Who knew that the best work truck in the world was actually a car? See, the things that make trucks cool are their utility and practicality, and in our modern automotive landscape full of giant trucks, coupe-utes are, indeed, more practical than most trucks. Too bad we can’t buy them in the U.S., unless you want to argue that the Ford Maverick and Hyundai Santa Cruz are coupe-utes in some way. But these are still far from the Holden Ute and Holden One Tonner, sadly.
The Ford Maverick has at least shown that small trucks are a hit. Well, “small” is doing a bit of heavy lifting given the Maverick’s size compared to older midsizers and compact trucks. If a small car with a flat bed is what you’re after, a coupe-ute could be more appealing. And there are plenty of those still around in Australia, Mexico and South America, among other markets.
These car and truck hybrids come in all shapes and sizes, but one of the coolest has to be the late Holden One Tonner, which was the chassis cab cousin of the legendary Holden Ute.
I don’t know what it is about a chassis cab that is objectively cool. It could be its unabashed utility, which doesn’t try to hide behind a sleek bed. And a chassis cab ’ute based on the Holden Commodore is ironically one of the best designs ever. Ironic, because the One Tonner makes zero pretense to style, save for the first-generation model, which looks great without even trying. I’d easily take a One Tonner over its famous counterparts in the U.S., the Ford Ranchero and Chevy El Camino.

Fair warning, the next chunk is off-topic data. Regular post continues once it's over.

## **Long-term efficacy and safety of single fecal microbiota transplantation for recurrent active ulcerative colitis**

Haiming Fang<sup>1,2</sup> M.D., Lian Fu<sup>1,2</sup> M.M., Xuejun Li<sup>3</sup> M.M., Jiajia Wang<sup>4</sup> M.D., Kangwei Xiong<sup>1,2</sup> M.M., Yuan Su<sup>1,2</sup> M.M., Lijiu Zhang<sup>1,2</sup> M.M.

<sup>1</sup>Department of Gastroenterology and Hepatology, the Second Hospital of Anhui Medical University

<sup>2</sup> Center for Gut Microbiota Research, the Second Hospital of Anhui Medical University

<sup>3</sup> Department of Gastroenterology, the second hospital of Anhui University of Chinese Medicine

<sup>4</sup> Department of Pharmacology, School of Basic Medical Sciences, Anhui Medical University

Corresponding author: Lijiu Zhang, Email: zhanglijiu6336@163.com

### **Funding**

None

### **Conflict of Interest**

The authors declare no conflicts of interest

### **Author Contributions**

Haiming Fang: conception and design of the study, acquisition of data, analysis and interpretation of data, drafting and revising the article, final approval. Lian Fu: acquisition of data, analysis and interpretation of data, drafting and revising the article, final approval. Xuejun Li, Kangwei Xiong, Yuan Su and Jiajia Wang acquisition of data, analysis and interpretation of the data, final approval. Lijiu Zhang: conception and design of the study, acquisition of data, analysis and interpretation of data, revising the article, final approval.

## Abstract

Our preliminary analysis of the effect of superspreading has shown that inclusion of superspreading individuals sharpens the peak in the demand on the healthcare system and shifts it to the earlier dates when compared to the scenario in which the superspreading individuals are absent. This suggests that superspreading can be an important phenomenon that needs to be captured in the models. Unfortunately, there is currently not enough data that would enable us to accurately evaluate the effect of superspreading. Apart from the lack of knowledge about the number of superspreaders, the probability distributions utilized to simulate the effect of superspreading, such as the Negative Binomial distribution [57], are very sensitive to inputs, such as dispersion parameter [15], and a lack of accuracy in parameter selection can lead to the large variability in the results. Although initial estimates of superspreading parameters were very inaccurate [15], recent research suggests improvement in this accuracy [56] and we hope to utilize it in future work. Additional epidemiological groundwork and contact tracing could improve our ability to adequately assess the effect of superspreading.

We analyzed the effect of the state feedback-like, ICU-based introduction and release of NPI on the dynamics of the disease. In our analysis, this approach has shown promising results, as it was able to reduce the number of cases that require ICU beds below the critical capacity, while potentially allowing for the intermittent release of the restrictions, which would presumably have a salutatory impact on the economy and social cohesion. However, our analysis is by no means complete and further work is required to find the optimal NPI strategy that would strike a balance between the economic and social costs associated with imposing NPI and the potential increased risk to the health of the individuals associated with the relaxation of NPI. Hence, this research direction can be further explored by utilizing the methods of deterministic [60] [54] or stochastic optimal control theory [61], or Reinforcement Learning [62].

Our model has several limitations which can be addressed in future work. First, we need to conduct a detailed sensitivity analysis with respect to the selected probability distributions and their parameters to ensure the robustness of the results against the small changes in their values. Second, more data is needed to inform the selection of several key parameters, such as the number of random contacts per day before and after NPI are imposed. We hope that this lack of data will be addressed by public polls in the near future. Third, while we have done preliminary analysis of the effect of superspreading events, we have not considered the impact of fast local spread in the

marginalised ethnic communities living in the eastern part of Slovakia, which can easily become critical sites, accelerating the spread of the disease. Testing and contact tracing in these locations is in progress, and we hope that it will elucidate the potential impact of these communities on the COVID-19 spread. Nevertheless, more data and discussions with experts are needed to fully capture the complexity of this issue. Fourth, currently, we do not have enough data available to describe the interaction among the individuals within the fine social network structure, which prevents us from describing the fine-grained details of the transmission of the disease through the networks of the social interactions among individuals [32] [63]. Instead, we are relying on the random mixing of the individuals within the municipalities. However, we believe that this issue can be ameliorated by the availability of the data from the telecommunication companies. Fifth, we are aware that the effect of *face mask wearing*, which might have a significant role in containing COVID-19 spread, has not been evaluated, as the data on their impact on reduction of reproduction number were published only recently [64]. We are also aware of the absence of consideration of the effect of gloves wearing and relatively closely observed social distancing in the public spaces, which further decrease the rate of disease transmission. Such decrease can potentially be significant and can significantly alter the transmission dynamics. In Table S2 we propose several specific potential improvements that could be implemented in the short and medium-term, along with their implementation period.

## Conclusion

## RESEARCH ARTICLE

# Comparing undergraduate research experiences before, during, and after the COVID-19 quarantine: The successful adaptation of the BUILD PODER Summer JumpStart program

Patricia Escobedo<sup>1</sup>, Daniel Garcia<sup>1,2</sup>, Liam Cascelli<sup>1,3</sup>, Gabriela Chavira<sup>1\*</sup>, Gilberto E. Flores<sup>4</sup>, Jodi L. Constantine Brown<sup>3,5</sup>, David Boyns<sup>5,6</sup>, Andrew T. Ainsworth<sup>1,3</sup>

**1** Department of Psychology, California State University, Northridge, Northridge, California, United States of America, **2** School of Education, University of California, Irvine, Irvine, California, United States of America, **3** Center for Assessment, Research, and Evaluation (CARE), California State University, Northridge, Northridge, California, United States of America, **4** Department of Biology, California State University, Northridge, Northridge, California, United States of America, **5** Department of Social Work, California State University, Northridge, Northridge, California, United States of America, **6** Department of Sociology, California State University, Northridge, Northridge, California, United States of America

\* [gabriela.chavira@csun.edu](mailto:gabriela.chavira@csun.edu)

The One Tonner was the Holden Ute’s heartier cousin, which featured beefier construction that wasn’t concerned with comfort very much. It was reportedly more of a commercial vehicle, and it did well in that segment. The One Tonner was successful early on among workers and commercial fleets in Australia.
And of course, as the hearty utility vehicle that it is, people have taken them off-roading in some capacity. If you’re tired of the safari fad, which has been going strong for a while now and shows no sign of losing steam, then maybe it’s time we demanded a new trend among off-roaders. Chassis cab all the things.
Then again, the One Tonner’s specifications may have appealed to buyers who wanted a basic, no-frills vehicle that came without A/C and had a bench seat, crank windows and a manual transmission. That sounds miserable to some, but it’s just the kind of vehicle that can last forever given its lack of components to break. It could also be optioned with a Chevy small block V8 and a limited slip differential, in case an austere chassis cab isn’t appealing enough. No LS swap necessary.
The Holden One Tonner was available either with an inline-six or a V8 throughout its production run. Displacement ranged from 2.8 liters on the inline-sixes all the way to 6.0 liters on the V8s. The One Tonner was around from the early ’70s through early ’80s. Then it came back for a brief production run in the mid-aughts, always based on the Holden Commodore as a platform.
One of the criticisms I often hear of the Ford Maverick is that it’s a car-based (unibody) vehicle, but so what? Just because something is akin to a car, doesn’t mean it can’t do a good impression of a tough truck, like the One Tonner.